Kotti, Margarita — Aristotle University of Thessaloniki

Probabilistic Model-Based Multiple Pitch Tracking of Speech

Multiple pitch tracking of speech is an important task for the segregation of multiple speakers in a single-channel recording. In this thesis, a probabilistic model-based approach for estimation and tracking of multiple pitch trajectories is proposed. A probabilistic model that captures pitch-dependent characteristics of the single-speaker short-time spectrum is obtained a priori from clean speech data. The resulting speaker model, which is based on Gaussian mixture models, can be trained either in a speaker independent (SI) or a speaker dependent (SD) fashion. Speaker models are then combined using an interaction model to obtain a probabilistic description of the observed speech mixture. A factorial hidden Markov model is applied for tracking the pitch trajectories of multiple speakers over time. The probabilistic model-based approach is capable to explicitly incorporate timbral information and all associated uncertainties of spectral structure into the model. While ...

Wohlmayr, Michael — Graz University of Technology

Video person recognition strategies using head motion and facial appearance

In this doctoral dissertation, we principally explore the use of the temporal information available in video sequences for person and gender recognition; in particular, we focus on the analysis of head and facial motion, and their potential application as biometric identifiers. We also investigate how to exploit as much video information as possible for the automatic recognition; more precisely, we examine the possibility of integrating the head and mouth motion information with facial appearance into a multimodal biometric system, and we study the extraction of novel spatio-temporal facial features for recognition. We initially present a person recognition system that exploits the unconstrained head motion information, extracted by tracking a few facial landmarks in the image plane. In particular, we detail how each video sequence is firstly pre-processed by semiautomatically detecting the face, and then automatically tracking the facial landmarks over ...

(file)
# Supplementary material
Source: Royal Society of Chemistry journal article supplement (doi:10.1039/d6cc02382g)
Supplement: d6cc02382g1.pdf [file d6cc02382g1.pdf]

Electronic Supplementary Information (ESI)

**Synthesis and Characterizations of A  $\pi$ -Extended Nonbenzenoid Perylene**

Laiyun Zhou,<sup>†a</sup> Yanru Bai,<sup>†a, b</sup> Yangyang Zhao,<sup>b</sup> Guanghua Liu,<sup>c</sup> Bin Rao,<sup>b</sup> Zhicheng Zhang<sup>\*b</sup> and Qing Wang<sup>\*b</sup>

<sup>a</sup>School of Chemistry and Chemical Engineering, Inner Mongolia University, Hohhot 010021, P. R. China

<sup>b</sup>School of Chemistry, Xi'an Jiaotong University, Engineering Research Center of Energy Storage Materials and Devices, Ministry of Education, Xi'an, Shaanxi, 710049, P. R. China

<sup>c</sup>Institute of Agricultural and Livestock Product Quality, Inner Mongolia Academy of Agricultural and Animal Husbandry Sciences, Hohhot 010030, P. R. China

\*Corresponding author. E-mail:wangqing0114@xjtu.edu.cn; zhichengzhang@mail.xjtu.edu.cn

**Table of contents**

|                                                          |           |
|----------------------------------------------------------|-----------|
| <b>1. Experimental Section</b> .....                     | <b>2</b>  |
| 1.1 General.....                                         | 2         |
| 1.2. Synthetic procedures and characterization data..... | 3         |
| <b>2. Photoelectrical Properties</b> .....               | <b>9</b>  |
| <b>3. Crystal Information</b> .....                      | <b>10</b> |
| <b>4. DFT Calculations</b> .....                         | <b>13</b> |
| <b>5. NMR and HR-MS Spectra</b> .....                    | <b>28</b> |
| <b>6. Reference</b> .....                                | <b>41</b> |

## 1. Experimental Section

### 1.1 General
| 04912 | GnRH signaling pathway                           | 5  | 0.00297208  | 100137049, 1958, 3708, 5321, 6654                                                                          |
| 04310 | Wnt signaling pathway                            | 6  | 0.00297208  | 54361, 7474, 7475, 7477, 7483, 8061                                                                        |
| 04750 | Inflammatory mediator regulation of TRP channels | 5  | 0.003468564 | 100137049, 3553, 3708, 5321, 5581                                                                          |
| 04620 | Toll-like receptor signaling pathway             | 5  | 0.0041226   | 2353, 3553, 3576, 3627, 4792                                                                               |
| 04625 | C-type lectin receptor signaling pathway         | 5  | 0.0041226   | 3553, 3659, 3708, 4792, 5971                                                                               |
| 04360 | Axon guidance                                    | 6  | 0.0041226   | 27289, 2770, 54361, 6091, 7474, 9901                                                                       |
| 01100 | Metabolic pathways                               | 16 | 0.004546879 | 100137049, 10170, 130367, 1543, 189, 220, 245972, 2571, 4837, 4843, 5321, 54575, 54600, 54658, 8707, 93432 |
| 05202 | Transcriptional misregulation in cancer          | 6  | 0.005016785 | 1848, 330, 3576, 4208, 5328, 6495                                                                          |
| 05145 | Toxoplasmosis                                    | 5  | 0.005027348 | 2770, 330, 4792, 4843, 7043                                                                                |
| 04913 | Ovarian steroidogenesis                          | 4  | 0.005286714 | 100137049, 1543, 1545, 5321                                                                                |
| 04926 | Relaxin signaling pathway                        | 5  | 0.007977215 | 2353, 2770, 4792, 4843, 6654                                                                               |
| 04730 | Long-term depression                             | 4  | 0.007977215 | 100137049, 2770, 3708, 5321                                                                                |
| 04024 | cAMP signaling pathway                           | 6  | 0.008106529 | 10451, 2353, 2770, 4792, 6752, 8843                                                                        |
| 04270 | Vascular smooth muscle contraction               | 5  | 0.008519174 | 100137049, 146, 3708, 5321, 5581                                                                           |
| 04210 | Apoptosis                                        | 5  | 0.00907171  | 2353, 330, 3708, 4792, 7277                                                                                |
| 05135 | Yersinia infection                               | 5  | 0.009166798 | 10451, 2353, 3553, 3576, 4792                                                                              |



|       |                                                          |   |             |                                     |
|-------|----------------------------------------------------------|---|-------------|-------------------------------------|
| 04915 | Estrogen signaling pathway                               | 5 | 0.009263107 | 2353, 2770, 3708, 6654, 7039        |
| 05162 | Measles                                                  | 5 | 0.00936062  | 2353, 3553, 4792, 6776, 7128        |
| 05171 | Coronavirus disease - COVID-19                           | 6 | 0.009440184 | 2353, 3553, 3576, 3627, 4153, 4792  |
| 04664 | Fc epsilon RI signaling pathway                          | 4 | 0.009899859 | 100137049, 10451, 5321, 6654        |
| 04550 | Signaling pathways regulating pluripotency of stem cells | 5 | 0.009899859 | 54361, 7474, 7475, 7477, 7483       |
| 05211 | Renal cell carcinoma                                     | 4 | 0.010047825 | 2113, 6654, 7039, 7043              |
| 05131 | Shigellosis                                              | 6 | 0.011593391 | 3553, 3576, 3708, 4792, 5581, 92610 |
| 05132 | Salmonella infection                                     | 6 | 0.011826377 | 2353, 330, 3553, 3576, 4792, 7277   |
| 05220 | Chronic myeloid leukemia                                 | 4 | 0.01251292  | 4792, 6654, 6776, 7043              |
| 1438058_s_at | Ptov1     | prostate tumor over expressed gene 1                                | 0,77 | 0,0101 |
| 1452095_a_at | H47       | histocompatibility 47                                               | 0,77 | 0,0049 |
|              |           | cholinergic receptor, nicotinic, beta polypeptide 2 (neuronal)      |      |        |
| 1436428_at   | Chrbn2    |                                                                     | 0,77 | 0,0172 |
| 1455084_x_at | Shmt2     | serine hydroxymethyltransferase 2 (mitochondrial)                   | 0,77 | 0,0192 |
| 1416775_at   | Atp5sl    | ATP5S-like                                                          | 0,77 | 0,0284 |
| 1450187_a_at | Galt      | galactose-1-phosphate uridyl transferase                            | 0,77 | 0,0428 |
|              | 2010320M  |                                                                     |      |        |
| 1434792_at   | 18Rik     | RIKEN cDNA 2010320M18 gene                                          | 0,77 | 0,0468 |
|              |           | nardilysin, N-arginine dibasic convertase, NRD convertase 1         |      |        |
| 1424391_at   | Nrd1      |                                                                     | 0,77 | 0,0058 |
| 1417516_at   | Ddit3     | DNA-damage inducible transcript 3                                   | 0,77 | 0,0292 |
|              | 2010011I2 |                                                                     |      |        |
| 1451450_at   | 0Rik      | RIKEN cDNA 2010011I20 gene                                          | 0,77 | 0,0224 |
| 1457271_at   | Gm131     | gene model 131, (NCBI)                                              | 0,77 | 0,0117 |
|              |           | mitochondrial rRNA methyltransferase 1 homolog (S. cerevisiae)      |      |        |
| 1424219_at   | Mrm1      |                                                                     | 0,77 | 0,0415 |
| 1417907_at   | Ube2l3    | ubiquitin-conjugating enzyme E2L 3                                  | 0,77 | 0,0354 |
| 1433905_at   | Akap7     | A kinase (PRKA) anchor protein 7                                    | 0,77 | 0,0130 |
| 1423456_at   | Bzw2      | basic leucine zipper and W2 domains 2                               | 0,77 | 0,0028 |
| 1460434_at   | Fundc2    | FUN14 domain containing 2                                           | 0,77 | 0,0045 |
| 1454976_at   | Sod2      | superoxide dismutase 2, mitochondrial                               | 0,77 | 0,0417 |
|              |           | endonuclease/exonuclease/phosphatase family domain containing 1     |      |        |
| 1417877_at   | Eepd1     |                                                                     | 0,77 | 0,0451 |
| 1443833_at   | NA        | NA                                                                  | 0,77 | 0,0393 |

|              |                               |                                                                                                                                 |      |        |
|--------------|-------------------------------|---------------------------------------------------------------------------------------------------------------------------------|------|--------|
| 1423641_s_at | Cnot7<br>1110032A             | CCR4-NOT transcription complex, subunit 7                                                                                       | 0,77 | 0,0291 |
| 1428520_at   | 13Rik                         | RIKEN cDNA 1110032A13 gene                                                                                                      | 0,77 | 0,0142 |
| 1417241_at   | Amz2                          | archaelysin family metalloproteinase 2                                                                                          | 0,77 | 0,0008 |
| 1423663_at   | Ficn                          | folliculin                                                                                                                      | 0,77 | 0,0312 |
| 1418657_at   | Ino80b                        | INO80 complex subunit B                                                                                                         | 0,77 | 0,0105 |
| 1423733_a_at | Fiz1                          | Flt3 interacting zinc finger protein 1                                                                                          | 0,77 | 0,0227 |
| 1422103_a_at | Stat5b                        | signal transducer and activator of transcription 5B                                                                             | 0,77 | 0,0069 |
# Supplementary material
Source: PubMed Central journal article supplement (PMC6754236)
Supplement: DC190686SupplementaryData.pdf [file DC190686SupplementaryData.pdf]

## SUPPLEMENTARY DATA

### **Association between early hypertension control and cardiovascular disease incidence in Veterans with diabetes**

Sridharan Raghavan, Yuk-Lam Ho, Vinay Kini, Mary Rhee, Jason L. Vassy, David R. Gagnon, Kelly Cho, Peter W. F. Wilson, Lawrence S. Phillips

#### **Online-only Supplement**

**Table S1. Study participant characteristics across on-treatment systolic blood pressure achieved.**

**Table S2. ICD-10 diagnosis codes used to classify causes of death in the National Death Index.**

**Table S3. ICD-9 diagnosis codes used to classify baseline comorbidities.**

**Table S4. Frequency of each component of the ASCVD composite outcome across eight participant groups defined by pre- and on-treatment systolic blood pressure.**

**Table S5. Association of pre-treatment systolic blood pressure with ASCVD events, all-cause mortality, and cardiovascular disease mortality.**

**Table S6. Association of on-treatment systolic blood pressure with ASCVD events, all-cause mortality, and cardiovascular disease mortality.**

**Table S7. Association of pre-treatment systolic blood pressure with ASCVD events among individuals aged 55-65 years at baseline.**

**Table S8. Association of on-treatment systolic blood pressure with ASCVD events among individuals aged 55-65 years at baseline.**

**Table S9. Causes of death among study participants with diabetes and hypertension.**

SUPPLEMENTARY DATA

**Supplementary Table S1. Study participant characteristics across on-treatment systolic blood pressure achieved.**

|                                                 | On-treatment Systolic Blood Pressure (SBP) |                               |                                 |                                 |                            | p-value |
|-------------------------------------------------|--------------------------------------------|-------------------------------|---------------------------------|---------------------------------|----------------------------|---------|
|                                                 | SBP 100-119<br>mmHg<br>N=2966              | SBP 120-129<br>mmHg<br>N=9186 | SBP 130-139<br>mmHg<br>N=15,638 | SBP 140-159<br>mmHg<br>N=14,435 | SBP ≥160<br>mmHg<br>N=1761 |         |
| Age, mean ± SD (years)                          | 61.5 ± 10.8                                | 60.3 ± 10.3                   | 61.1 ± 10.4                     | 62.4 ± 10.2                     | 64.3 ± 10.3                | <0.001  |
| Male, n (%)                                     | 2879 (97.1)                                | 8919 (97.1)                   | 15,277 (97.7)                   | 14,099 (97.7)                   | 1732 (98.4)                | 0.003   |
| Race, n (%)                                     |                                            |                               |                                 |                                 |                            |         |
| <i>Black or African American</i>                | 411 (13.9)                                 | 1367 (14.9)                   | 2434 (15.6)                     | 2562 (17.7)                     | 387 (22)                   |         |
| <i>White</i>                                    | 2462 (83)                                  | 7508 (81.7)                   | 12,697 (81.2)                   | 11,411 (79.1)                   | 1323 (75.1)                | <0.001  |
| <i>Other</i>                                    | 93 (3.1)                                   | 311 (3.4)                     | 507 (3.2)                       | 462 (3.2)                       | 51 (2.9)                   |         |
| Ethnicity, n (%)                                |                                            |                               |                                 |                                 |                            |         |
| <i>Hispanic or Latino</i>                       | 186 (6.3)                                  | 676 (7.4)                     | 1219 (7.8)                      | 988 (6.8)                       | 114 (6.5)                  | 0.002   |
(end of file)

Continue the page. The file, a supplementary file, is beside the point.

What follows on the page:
Matta, Federico — Eurécom / Multimedia communications

Fusing prosodic and acoustic information for speaker recognition

Automatic speaker recognition is the use of a machine to identify an individual from a spoken sentence. Recently, this technology has been undergone an increasing use in applications such as access control, transaction authentication, law enforcement, forensics, and system customisation, among others. One of the central questions addressed by this field is what is it in the speech signal that conveys speaker identity. Traditionally, automatic speaker recognition systems have relied mostly on short-term features related to the spectrum of the voice. However, human speaker recognition relies on other sources of information; therefore, there is reason to believe that these sources can play also an important role in the automatic speaker recognition task, adding complementary knowledge to the traditional spectrum-based recognition systems and thus improving their accuracy. The main objective of this thesis is to add prosodic information to a traditional ...

Farrus, Mireia — Universitat Politecnica de Catalunya

Confidence Measures for Speech/Speaker Recognition and Applications on Turkish LVCSR

Con dence measures for the results of speech/speaker recognition make the systems more useful in the real time applications. Con dence measures provide a test statistic for accepting or rejecting the recognition hypothesis of the speech/speaker recognition system. Speech/speaker recognition systems are usually based on statistical modeling techniques. In this thesis we de ned con dence measures for statistical modeling techniques used in speech/speaker recognition systems. For speech recognition we tested available con dence measures and the newly de ned acoustic prior information based con dence measure in two di erent conditions which cause errors: the out-of-vocabulary words and presence of additive noise. We showed that the newly de ned con dence measure performs better in both tests. Review of speech recognition and speaker recognition techniques and some related statistical methods is given through the thesis. We de ned also ...